To escape the restless city, one only had to gaze dreamily at the rust red and patch-worked white sails of seafaring Chinese junks who shared the harbour with freighters, military vessels and an increasing amount of cargo ships. Hong Kong was still under British rule, even though it was soon to come to an end. Right at the very heart of the city, next to the Bank of China and the Hong Kong Club was a very large green field: the Hong Kong Cricket Club. This was next to the tallest building in Asia, Connaught Centre, now better known as Jardine House.

Keith Macgregor, born in Bangalore at the end of the war, was not the first family member to call Asia home. The history of the Macgregors reads like a series of James Clavell novels. His great grandfather, John Macgregor, was one of the first Scottish pioneers to venture out to Shanghai in 1858 when he arrived as a merchant seaman to set up what would become a successful wine and spirits trading business called Caldbeck Macgregor Limited. By the time Keith was born, Caldbeck Magregor had expanded to offices all over China, Hong Kong, Malaysia, Singapore, London and later even Kenya. In Hong Kong the company’s business was run by ‘Uncle Jack’, Keith’s grandfather and then after he retired, by his father Robin Macgregor.


As was customary, Keith was sent to boarding school in the UK and then attended Oxford University. He originally longed to break free of his Asian heritage and as such moved to New York to find his own path. Yet fate had different plans for him and when his father passed away suddenly he returned to Hong Kong in 1969 to handle the family’s affairs and support his grieving Mother. The family business had been sold in 1967 so there was no future there and the prospects of joining one of the small number of British ‘Hongs’ or banks did not attract him in the slightest. As he had learnt the skill of printing photographs while working in New York he decided to try his luck at photography, starting by taking portraits of children and families whilst at the same time photographing Hong Kong and around Asia for personal enjoyment. His photographs of Hong Kong were first made public in the form of a solo exhibition at the Excelsior Hotel in 1974 which resulted in the publishing of his Hong Kong calendars a year later. The great success of these led his friends to persuade him to improve the quality of Hong Kong’s rather poor postcard selection at that time. Thus Keith created his own collection of iconic black bordered postcards which were sent out all over the world in millions and shaped how people abroad viewed Hong Kong during that period. Keith had arrived back in Hong Kong with the simple goal to help his mother, yet in a few years he had established himself as a photographer, publisher, business owner, husband and father.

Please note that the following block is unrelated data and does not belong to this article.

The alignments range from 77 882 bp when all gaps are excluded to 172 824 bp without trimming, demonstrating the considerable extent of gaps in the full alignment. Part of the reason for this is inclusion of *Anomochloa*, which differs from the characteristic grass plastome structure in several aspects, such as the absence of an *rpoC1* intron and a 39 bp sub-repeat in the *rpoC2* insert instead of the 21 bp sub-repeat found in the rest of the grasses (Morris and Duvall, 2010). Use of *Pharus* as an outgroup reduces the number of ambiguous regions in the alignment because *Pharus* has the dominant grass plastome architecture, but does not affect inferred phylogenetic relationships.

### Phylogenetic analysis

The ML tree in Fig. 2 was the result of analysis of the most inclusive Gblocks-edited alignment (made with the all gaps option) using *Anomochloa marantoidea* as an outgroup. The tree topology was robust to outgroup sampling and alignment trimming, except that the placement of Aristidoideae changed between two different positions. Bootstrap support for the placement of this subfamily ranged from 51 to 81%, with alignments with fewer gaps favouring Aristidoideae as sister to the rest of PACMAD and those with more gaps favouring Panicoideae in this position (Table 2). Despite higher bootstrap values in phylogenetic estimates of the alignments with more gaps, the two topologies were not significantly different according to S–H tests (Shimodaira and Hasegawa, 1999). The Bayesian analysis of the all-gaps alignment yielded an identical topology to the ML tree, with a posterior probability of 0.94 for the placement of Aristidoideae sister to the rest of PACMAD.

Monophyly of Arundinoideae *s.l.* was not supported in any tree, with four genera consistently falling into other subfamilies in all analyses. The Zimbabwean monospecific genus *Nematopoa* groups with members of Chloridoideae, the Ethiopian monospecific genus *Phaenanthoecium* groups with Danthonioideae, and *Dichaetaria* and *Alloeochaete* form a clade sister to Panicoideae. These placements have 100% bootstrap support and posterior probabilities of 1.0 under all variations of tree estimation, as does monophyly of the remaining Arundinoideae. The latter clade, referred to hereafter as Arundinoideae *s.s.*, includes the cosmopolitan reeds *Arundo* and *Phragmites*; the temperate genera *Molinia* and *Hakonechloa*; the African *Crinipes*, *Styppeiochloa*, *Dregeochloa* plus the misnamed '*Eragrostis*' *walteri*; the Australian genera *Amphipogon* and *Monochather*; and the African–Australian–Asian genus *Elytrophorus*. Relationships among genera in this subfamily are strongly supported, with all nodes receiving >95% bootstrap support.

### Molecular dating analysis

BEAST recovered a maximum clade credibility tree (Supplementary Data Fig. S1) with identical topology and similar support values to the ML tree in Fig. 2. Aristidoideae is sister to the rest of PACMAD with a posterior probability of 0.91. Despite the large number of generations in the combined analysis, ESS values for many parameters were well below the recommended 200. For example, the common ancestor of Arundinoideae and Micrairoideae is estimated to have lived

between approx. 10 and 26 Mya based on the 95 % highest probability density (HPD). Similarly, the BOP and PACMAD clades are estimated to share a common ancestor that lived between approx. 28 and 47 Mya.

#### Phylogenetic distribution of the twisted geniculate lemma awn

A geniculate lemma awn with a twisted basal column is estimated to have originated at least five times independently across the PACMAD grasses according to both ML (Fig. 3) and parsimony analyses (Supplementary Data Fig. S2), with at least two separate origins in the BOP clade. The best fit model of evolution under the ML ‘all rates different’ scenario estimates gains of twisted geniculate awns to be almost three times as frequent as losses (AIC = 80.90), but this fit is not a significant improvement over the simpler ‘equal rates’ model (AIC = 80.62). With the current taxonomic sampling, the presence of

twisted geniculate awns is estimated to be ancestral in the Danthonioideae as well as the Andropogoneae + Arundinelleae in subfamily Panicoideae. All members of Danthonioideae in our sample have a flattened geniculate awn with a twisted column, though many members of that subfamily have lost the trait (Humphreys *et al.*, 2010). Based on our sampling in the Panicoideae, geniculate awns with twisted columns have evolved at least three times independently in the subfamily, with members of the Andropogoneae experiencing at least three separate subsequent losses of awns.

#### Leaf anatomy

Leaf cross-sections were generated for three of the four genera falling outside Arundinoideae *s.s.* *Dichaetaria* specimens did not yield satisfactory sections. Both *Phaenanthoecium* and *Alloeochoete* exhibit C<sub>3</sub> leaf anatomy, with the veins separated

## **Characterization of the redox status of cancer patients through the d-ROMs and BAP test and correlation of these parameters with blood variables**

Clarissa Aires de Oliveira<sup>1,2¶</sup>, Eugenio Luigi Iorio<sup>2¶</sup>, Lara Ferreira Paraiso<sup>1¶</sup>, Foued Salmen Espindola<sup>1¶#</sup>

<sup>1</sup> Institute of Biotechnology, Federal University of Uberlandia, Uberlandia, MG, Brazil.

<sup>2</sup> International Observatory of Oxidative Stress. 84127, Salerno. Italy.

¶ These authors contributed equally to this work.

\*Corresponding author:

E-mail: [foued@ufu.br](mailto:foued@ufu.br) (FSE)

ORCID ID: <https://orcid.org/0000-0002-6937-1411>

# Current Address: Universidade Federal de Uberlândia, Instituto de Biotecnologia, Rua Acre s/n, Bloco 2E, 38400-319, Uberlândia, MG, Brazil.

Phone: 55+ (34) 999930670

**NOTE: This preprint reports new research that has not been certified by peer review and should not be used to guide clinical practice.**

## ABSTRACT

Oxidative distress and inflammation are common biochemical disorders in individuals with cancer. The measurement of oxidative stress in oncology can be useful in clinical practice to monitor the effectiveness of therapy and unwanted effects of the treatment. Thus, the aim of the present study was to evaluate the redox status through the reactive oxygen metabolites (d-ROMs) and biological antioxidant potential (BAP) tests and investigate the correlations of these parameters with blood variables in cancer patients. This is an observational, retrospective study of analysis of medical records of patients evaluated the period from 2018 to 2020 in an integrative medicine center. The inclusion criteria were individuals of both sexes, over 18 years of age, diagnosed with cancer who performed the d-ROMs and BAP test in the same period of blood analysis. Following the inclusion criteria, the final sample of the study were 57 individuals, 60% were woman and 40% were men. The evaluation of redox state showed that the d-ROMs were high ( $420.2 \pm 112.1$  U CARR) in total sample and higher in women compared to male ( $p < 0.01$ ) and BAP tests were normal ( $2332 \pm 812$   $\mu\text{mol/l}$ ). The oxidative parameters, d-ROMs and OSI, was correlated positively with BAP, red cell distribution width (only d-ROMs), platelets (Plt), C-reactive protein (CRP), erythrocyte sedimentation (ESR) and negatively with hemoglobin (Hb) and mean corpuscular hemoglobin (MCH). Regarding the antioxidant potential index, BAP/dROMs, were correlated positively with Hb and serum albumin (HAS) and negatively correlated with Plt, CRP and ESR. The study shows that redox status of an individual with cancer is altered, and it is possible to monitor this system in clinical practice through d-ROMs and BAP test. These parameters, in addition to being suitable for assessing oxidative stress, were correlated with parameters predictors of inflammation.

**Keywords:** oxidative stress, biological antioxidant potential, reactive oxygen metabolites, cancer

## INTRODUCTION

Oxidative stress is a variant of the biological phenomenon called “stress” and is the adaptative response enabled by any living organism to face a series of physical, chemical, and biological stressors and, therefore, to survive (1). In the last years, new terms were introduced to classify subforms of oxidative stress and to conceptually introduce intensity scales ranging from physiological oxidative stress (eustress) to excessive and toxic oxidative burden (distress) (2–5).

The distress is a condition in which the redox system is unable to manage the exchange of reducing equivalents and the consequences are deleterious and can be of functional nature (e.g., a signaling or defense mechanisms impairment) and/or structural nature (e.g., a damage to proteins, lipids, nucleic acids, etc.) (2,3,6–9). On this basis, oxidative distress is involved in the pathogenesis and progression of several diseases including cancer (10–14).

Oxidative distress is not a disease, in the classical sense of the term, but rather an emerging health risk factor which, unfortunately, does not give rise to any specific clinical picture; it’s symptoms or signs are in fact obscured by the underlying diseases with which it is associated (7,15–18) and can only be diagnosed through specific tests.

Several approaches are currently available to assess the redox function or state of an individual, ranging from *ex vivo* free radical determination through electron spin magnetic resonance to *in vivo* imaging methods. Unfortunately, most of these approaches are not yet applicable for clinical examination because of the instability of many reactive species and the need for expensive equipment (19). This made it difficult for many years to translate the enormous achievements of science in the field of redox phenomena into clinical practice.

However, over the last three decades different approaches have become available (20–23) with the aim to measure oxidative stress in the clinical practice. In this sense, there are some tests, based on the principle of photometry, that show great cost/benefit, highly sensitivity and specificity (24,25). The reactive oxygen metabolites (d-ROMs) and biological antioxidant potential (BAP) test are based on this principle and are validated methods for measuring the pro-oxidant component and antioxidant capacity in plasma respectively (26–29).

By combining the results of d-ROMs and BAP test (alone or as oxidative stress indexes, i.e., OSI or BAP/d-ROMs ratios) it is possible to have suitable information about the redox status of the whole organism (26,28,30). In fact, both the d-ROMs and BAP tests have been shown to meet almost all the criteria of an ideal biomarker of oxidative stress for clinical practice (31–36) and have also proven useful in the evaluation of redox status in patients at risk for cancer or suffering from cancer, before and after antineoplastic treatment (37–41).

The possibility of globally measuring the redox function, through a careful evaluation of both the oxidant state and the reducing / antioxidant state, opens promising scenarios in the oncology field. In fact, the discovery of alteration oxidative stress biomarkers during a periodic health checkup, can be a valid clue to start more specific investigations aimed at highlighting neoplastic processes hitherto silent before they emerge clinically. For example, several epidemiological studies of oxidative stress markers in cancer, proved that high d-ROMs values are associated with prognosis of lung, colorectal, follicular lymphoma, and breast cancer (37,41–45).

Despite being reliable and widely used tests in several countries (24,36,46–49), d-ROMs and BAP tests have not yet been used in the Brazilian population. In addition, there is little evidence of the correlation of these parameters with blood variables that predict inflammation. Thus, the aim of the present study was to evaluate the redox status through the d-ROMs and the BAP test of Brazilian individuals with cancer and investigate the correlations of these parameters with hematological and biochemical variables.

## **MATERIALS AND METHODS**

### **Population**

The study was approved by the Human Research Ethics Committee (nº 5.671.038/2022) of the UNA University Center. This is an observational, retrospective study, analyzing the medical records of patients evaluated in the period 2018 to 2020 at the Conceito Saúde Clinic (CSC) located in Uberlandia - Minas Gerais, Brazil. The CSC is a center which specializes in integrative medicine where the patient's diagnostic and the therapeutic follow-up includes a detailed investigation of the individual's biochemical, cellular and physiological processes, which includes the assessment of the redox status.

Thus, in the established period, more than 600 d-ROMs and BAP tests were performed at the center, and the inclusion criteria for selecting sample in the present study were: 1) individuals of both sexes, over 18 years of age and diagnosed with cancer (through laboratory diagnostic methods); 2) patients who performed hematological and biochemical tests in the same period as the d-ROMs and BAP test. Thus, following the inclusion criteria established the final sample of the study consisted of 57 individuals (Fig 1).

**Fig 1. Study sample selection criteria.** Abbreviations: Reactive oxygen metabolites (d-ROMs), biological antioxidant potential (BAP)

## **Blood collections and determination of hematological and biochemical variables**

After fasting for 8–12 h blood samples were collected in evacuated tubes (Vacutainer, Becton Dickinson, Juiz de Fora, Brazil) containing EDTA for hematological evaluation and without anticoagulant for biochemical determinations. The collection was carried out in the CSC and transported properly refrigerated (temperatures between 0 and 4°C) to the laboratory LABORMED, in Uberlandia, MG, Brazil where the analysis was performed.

Those indeed were the days, the Hong Kong in the 70’s and 80’s.

Often Keith was found hanging out of helicopters flying over Victoria Harbour and the Lamma Channel shooting commercial vessels with his Hasselblads for big shipping clients like Maersk and Sealand. During those aerial sessions he was able to shoot wonderful images of China’s last sailing junks that looked like beautiful butterflies plying their way from Amoy to Canton in the South China Sea.

Apart from the postcards he also published many books that were very sought after. “An Eye on Hong Kong”, first published in 1997, sold out 6 full editions. His 2nd book: “Neon City, Hong Kong, at Night ” also sold out and has since became a collector’s item. 

Keith explains, “I’m very happy to stage my first solo exhibition in Hong Kong together with Blue Lotus Gallery. It brings back many good memories to me and I hope it does the same for our visitors. “

Keith will return to Hong Kong to make a special appearance at the exhibition and will give talks sharing his personal stories of Hong Kong during its hay-day. Maybe you remember that time and maybe you don’t, nonetheless The Way We Were will throw you back to what now seems a vanished world.